Cunningham v. Horton et al
MEMORANDUM OPINION AND ORDER by Senior District Judge C. LeRoy Hansen dismissing 1 Petition for 2254 Relief with prejudice; Certificate of Appealability is denied (bap)
IN THE UNITED STATES DISTRICT COURT
FOR THE DISTRICT OF NEW MEXICO
DANNY A. CUNNINGHAM,
CIV No. 17-00354 LH/KRS
MEMORANDUM OPINION AND ORDER OF DISMISSAL
This matter is before the Court on Petitioner Danny A. Cunningham’s response to
Magistrate Judge Lourdes A. Martinez’s Order To Show Cause. [Docs. 7, 8] On April 27, 2017,
Magistrate Judge Martinez ordered Petitioner to show cause why his petition for writ of habeas
corpus pursuant to 28 U.S.C. § 2254 should not be dismissed as untimely under § 2244(d)(1)(A),
because it was filed more than fifteen years after Petitioner’s state conviction had become final.
[Doc. 5] In his response, Petitioner explains that he spent more than ten years attempting to
exhaust his state court remedies by filing a state habeas petition, but “three lawyers and three
inmate advocacy programs caused extraordinary long delays. One lawyer died, two did nothing,
and two advocacy programs ran out of funding.” [Doc. 7 at 7] Petitioner finally filed his state
habeas petition in 2011, the petition was denied in 2015, and the New Mexico Supreme Court
denied Petitioner’s petition for writ of certiorari on December 22, 2015. [Doc. 7 at 8] Petitioner
asks the Court to toll the one-year limitation period because he “did everything [he] could as fast as
possible.” [Doc. 7 at 8] The Court concludes that Petitioner is not entitled to equitable tolling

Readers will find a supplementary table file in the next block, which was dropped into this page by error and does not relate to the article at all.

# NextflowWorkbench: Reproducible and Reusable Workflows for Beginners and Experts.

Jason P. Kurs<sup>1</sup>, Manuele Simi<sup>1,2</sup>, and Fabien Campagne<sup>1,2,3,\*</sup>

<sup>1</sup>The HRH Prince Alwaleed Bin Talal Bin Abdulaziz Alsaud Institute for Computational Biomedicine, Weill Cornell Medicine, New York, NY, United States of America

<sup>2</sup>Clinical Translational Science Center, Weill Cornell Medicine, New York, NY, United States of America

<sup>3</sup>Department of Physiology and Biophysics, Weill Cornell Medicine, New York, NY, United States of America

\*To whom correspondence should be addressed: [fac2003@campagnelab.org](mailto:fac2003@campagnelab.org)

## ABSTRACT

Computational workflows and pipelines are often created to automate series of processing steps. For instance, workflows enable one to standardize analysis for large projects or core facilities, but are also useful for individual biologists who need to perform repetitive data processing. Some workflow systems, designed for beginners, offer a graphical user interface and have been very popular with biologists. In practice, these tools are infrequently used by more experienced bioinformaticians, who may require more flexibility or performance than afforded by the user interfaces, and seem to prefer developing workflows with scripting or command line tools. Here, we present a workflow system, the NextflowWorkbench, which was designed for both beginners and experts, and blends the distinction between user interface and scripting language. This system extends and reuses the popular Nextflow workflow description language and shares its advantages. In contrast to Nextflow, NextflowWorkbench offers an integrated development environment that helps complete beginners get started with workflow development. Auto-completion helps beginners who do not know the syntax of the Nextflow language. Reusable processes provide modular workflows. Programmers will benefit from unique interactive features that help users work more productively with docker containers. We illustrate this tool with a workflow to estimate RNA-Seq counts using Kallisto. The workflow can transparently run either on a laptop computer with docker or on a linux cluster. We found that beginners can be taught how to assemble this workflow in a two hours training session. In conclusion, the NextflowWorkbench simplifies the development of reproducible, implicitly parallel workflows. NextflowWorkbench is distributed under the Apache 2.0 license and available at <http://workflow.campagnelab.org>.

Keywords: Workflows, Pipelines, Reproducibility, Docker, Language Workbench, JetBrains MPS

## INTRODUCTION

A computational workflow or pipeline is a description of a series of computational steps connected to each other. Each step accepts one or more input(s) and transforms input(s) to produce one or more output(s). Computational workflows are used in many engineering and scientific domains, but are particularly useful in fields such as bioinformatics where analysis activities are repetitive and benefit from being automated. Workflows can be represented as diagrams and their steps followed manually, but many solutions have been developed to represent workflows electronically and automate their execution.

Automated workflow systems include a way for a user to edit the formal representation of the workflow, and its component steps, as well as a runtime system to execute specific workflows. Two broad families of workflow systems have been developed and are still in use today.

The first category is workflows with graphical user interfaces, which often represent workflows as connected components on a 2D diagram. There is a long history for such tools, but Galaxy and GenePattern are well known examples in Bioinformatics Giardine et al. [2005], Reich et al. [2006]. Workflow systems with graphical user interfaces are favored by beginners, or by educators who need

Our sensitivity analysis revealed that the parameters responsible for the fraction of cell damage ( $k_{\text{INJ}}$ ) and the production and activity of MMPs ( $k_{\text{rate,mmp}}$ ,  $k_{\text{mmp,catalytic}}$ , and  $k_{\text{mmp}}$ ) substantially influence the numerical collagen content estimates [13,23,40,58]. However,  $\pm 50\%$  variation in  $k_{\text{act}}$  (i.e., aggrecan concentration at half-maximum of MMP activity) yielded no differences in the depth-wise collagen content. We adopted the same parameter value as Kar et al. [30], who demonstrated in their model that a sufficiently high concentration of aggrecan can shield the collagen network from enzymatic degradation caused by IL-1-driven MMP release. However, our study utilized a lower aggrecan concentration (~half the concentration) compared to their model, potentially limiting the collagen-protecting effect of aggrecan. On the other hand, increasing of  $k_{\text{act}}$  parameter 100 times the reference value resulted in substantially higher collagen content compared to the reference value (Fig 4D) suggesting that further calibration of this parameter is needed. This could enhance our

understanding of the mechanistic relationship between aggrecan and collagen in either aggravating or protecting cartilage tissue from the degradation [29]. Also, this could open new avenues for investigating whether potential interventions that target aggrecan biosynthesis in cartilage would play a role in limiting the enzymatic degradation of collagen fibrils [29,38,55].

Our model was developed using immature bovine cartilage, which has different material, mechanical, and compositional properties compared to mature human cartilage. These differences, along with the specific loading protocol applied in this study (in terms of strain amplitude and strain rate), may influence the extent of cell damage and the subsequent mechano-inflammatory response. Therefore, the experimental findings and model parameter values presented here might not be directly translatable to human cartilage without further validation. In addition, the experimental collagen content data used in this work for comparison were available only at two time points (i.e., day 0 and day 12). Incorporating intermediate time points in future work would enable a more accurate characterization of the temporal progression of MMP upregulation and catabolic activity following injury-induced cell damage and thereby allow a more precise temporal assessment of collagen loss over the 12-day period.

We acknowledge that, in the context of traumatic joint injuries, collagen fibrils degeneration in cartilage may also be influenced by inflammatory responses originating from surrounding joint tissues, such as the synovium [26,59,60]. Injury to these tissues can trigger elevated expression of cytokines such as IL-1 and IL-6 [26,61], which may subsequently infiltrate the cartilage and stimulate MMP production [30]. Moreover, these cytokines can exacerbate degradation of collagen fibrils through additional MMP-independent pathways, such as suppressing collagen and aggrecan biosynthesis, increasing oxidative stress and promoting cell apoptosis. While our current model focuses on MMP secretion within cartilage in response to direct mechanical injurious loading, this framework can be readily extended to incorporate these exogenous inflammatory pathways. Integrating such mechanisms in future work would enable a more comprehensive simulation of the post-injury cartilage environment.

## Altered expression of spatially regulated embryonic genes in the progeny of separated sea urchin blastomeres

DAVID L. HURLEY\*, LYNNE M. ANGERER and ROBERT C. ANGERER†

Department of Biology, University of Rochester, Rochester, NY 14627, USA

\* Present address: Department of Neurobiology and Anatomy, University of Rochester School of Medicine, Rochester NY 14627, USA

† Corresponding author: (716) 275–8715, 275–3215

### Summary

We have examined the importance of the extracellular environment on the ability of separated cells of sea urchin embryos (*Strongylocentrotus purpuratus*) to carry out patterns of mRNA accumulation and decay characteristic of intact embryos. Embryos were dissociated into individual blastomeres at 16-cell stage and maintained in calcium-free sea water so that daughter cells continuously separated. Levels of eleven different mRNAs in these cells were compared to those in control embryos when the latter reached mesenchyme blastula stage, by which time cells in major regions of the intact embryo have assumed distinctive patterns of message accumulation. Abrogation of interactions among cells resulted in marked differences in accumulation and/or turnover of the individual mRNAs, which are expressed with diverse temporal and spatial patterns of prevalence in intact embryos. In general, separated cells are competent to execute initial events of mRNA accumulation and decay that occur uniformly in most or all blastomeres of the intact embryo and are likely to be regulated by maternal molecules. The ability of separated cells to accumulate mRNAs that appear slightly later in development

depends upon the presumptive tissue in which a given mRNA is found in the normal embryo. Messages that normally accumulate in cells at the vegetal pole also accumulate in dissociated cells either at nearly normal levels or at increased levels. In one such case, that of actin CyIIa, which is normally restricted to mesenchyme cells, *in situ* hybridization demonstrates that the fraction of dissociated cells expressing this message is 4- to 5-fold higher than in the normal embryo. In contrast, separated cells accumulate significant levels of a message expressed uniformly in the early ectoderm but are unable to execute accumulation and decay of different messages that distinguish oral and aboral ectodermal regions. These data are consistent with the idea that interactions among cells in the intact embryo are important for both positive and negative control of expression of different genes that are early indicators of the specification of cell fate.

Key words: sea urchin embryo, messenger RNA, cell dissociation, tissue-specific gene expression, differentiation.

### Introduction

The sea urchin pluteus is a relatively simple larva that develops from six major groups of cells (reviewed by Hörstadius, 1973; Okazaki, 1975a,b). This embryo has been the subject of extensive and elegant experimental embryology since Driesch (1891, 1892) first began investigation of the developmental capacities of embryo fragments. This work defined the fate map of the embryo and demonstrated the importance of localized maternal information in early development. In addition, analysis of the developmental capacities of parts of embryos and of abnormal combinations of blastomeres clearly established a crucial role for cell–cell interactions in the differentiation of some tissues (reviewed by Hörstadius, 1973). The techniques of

and, therefore, Petitioner’s § 2254 petition will be dismissed as untimely, a certificate of
appealability will be denied, and judgment will be entered.
On March 20, 2017, Petitioner filed a § 2254 petition challenging his conviction and
sentence in State of New Mexico v. Cunningham, D-503-CR-1998-123. [Doc. 1] According to
his § 2254 petition, Petitioner was convicted of murder and sentenced to life in prison in 1998.
[Doc. 1] See Kilgore v. Att’y Gen. of Colorado, 519 F.3d 1084, 1089 (10th Cir. 2008) (noting that
a district court can dismiss a habeas petition sua sponte if “untimeliness is clear from the face of
the petition”). Petitioner’s conviction was affirmed by the New Mexico Supreme Court on March
9, 2000 and Petitioner did not file a petition for writ of certiorari in the United States Supreme
Court. [Doc. 1 at 2-3] More than ten years later, on August 29, 2011, Petitioner filed his first
state habeas petition in the Fifth Judicial District Court of the State of New Mexico. [Doc. 1 at 3]
Petitioner’s state habeas petition was denied on January 29, 2015 and his writ of certiorari to the
New Mexico Supreme Court was denied on December 22, 2015. [Doc. 1 at 3-4]